Johnson, J.A., H.R.L. Lerner, P.C. Rasmussen, and D.P. Mindell. 2006.
  Systematics within Gyps vultures: a clade at risk. BMC Evolutionary Biology
  6:65; http://www.biomedcentral.com/1186/1471-2148-6-65.
Murn, C., U. Khan, and F. Farid. 2008. Vulture populations in Pakistan and
  the Gyps vulture restoration project. Vulture News 58:35-43.
Naoroji, R. 2006. Birds of prey of the Indian subcontinent. Christopher
  Helm, London.
Prakash, V., R.E. Green, D.J. Pain, S.P. Ranadi, S. Saravanan, N. Prakash,
  R. Venkitachalam, R. Cuthbert, A.R. Rahmani, and A.A. Cunningham.
2007.
  Recent changes in populations of resident Gyps vultures in India. Journal of
  the Bombay Natural History Society 104:129-135.
Rasmussen, P.C., and J.C. Anderton. 2005. Birds of South Asia: the Ripley
  guide. Vols. 1-2. Smithsonian Institution and Lynx Edicions, Washington,
  D.C. and Barcelona, Spain.
Rasmussen, P.C., W.S. Clark, S.J. Parry, and J. Schmitt. 2001. Field
  identification of 'Long-billed' Vultures (Indian and Slender-billed
  Vultures). Oriental Bird Club Bulletin 34:24-29.
Rasmussen, P.C., and S.J. Parry. 2000. ON the specific distinctness of the
  Himalayan and Long-billed Vulture Gyps [indicus] tenuirostris. Newsletter of
  the World Working Group on Birds of Prey and Owls 29/32:70-71.
Rasmussen, P.C., and S.J. Parry. 2001. The taxonomic status of the
  Long-billed Vultures Gyps indicus indicus. Vulture News
  44:18-21.
Wink, M. 1995. Phylogeny of Old and New World vultures (Aves: Accipitridae
  and Cathartidae) inferred from nucleotide sequences of the mitochondrial
  cytochrome b gene. Verlag der Zeitschrift für Naturforschung 50c:868-882.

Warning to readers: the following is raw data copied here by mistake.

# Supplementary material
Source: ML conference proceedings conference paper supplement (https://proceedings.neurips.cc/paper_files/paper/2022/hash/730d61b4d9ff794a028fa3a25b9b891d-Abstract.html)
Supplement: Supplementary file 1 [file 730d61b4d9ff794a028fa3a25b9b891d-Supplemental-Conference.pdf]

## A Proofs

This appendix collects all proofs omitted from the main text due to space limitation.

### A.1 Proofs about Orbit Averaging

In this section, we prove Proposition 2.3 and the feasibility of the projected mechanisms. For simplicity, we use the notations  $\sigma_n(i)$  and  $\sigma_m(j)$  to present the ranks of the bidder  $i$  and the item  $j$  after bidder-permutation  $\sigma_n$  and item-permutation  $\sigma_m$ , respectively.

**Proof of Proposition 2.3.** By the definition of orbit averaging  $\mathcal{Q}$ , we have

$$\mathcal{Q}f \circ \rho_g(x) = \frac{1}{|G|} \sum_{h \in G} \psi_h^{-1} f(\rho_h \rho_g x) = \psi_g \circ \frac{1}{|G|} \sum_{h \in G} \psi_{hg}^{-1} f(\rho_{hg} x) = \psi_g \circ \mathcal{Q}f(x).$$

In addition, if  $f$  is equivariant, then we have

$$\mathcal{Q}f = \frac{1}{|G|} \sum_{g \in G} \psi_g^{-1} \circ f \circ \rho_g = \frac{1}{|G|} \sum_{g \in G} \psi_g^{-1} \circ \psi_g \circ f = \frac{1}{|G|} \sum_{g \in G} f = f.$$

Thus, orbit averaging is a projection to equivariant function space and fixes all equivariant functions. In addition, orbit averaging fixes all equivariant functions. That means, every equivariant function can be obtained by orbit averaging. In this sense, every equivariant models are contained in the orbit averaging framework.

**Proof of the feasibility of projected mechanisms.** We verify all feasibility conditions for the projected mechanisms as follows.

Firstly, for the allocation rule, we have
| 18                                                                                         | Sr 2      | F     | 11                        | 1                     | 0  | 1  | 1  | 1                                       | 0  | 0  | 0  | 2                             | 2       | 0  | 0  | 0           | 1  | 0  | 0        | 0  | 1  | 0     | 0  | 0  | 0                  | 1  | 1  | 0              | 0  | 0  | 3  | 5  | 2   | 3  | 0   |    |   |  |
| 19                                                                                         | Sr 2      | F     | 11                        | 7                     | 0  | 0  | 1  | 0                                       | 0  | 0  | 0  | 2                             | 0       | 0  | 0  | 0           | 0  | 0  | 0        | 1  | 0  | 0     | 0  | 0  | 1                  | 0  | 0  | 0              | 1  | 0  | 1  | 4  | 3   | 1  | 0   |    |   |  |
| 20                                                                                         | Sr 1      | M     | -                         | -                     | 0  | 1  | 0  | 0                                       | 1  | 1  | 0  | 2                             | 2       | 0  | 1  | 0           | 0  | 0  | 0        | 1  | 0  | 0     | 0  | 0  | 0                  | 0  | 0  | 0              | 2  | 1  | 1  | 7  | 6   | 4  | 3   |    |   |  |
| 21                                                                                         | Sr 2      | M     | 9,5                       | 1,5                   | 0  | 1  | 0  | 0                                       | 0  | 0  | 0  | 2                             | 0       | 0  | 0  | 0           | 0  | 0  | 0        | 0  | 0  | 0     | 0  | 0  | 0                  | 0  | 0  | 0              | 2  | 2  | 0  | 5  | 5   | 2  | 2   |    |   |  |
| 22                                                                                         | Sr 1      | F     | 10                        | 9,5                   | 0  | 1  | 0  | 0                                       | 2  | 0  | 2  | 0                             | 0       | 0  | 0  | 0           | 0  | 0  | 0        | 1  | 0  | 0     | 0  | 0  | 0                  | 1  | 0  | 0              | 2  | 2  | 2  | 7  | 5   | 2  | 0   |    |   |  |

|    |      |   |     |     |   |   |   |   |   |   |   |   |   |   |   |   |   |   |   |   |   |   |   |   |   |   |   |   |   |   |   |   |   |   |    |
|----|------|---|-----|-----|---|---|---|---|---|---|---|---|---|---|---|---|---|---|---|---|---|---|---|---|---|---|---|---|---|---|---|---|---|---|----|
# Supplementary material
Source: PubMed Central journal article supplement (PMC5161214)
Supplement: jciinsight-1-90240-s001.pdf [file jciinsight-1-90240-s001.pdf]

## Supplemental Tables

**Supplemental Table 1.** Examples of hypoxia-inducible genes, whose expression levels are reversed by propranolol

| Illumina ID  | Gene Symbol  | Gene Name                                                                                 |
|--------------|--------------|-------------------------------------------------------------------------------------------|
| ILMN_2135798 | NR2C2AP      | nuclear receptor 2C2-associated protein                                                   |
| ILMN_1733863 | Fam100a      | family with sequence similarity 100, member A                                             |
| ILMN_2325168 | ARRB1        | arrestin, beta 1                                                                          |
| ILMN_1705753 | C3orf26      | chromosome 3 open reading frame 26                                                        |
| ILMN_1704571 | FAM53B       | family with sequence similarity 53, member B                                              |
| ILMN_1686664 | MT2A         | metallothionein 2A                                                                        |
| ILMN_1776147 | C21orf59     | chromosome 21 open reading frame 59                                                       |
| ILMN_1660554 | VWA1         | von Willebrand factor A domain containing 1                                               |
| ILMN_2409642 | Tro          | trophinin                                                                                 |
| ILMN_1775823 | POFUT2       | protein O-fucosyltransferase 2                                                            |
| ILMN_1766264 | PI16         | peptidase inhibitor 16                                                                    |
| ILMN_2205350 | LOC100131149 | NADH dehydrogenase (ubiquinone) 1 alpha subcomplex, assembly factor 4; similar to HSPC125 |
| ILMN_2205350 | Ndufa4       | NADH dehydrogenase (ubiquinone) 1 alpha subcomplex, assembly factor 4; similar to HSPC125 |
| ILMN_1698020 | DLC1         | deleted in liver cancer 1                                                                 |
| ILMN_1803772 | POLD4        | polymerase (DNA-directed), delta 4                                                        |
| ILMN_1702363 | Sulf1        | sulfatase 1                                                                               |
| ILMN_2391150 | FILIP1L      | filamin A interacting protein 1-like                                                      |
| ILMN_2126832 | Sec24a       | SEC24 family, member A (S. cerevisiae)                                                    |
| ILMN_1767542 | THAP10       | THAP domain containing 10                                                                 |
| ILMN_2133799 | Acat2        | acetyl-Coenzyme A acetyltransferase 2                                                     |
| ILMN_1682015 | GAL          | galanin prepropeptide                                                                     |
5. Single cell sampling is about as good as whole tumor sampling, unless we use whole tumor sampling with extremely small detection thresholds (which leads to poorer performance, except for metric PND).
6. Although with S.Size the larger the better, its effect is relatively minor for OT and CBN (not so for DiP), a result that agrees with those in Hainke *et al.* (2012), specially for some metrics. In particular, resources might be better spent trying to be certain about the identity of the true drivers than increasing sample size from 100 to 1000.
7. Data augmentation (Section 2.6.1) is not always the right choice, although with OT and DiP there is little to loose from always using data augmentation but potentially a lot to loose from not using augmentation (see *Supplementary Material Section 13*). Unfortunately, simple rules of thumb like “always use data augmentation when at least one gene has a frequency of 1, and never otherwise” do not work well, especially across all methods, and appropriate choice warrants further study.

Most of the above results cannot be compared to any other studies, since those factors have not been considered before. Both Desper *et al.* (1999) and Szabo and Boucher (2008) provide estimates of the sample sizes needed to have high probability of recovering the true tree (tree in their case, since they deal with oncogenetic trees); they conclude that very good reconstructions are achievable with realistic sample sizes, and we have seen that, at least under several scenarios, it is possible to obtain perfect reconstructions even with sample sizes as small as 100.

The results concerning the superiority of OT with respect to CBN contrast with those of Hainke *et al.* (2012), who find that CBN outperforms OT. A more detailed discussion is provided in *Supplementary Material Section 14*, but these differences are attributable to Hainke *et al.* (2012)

more....

Current Research: Two birds were reared in two separate captive breeding centers in India, one at the Pinjore Center, in Haryana, and the second at Rajabhat Khawa, in West Bengal (World BirdWatch, September 2009), giving some hope that a captive flock can be established for eventual release into a Diclofenac-free environment.

Sites of Interest:
The Peregrine Fund
Currently investigating the cause of vulture declines in Pakistan.
Vulture Rescue
Addresses the decline of Gyps vultures on the Indian subcontinent.
Asian Vulture Population Project
Submit information (species, number of nests, number of chicks, location, etc.) on South Asian vultures at this site to assist in monitoring these species.
Red Data Book Threatened Birds of Asia
Detailed information on status, threats, and proposed conservation actions.
VIREO
Slender-billed Vulture photos.

Researchers:
Arshad, Muhammad
Baral, Nabin
Bhusal, Krishna
Bohra, Dr. Dau Lal
Dhakal, Hemanta
Gilbert, Martin
Jethva, Dr. Bharat
Johnson, Jeff A.
Kapetanakos, Yula
Karmacharya, Dikpal Krishna
Khadka, Bidur
Teli, Janki
Virani, Munir

Last modified: 12/22/2009

Recommended Citation: Global Raptor Information Network. 2014. Species account: Slender-billed Vulture Gyps tenuirostris. Downloaded from http://www.globalraptors.org on 19 Apr. 2014